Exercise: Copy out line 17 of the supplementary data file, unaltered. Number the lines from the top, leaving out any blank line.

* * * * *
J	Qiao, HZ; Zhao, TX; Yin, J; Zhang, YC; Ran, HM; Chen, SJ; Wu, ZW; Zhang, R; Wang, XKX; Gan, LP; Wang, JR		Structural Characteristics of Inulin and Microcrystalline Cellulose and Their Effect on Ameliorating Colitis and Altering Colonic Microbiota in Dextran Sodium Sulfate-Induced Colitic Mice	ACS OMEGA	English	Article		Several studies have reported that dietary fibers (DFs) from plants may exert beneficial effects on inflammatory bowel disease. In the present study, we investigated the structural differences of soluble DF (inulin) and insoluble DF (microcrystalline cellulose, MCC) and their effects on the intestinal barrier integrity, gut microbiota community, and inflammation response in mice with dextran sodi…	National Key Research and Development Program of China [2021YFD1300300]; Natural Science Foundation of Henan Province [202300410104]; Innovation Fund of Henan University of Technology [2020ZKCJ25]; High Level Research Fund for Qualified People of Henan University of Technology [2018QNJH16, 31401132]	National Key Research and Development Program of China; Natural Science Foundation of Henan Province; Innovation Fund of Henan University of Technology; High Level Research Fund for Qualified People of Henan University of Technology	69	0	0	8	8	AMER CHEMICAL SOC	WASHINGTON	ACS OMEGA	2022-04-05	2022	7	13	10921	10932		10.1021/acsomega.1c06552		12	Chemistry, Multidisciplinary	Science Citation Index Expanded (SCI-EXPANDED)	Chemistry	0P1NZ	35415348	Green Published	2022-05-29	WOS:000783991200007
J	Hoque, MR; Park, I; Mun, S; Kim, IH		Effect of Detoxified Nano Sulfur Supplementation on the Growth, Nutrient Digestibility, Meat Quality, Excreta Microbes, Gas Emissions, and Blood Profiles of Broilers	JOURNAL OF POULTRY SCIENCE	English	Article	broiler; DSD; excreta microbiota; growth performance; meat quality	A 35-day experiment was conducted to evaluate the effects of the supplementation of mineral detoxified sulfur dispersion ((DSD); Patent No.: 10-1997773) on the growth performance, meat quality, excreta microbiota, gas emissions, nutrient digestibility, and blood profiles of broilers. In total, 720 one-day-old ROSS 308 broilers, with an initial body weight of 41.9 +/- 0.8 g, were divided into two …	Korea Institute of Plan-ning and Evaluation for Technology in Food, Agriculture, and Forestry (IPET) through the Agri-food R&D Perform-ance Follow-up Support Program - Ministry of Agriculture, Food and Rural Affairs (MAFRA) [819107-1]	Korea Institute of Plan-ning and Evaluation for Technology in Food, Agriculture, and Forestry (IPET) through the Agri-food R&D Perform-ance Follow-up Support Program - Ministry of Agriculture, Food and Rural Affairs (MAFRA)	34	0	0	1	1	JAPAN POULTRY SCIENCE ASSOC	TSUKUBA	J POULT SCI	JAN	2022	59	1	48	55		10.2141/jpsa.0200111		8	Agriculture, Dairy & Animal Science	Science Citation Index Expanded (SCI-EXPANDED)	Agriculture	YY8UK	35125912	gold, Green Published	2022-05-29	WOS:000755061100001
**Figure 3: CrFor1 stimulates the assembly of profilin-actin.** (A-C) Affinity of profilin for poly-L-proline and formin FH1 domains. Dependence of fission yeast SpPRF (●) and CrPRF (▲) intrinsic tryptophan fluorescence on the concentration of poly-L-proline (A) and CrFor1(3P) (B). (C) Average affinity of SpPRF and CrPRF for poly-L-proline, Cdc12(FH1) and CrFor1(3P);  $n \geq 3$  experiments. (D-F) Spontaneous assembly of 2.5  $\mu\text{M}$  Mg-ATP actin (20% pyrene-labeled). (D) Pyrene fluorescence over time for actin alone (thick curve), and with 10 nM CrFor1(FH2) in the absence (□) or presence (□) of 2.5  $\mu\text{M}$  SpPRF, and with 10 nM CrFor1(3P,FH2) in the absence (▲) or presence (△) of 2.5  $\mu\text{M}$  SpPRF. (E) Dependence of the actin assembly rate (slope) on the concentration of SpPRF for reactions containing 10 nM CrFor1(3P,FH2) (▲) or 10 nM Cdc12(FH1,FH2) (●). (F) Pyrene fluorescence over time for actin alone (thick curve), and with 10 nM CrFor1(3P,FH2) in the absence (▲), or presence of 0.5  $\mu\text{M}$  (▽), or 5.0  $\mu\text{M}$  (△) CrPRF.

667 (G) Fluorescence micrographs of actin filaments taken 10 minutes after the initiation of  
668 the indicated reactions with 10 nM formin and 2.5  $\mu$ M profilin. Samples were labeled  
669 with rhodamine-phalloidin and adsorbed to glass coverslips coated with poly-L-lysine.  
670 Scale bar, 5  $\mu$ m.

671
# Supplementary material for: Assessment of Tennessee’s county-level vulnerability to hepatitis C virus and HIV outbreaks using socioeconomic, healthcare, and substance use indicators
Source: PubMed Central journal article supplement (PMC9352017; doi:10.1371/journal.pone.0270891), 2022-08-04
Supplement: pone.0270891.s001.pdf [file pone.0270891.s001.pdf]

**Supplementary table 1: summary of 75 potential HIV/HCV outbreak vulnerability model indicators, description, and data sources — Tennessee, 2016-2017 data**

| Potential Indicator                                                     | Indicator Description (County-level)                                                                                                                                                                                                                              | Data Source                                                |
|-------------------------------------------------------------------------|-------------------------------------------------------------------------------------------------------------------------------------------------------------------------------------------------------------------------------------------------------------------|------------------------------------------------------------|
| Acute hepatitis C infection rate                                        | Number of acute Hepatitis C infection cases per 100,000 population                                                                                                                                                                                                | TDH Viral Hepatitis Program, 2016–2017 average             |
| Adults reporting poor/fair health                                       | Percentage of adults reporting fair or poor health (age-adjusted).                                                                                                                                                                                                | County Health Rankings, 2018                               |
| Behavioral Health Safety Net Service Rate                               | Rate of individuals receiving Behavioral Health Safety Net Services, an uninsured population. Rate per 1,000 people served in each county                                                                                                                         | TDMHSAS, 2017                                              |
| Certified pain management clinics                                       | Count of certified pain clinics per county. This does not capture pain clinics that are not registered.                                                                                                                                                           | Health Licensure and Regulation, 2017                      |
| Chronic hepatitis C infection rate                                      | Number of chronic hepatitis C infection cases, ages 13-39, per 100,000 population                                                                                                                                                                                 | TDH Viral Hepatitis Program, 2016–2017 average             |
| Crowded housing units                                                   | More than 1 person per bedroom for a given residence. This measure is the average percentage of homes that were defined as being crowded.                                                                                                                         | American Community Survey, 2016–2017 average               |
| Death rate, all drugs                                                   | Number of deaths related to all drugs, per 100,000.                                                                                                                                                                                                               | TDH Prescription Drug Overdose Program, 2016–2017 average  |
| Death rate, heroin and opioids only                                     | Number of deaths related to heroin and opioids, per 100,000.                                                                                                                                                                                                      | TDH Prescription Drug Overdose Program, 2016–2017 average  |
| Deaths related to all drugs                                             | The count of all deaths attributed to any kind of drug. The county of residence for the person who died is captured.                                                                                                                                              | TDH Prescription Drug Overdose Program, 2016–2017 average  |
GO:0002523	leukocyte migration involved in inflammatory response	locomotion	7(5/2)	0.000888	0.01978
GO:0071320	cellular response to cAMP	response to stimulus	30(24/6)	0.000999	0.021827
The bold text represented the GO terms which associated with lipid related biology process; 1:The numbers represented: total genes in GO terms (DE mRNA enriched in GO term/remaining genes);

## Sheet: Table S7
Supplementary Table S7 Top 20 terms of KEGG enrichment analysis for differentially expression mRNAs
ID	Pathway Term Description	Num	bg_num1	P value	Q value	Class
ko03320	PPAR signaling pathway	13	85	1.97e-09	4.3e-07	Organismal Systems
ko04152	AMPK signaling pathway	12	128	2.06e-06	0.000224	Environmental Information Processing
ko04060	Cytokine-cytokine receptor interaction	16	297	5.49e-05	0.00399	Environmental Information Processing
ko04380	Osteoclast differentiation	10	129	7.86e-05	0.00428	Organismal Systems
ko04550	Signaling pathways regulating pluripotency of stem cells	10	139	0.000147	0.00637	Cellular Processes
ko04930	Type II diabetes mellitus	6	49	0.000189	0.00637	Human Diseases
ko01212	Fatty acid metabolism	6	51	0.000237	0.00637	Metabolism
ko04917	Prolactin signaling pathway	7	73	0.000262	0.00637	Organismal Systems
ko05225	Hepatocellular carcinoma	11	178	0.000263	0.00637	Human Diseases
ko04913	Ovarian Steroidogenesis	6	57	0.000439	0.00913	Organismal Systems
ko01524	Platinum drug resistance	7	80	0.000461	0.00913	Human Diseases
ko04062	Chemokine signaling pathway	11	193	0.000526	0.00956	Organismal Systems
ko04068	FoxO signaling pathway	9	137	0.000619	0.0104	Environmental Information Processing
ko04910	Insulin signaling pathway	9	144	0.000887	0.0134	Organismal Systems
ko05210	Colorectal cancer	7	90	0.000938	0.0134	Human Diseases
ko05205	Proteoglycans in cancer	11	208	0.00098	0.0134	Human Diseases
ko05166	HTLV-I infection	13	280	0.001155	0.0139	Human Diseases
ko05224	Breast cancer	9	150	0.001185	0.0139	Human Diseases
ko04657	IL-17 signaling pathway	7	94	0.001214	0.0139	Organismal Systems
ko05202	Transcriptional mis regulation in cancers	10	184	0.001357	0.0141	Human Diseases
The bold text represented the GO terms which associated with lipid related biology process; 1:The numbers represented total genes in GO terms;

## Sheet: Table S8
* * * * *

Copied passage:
| Behavioral Health Safety Net Service Rate                               | Rate of individuals receiving Behavioral Health Safety Net Services, an uninsured population. Rate per 1,000 people served in each county                                                                                                                         | TDMHSAS, 2017                                              |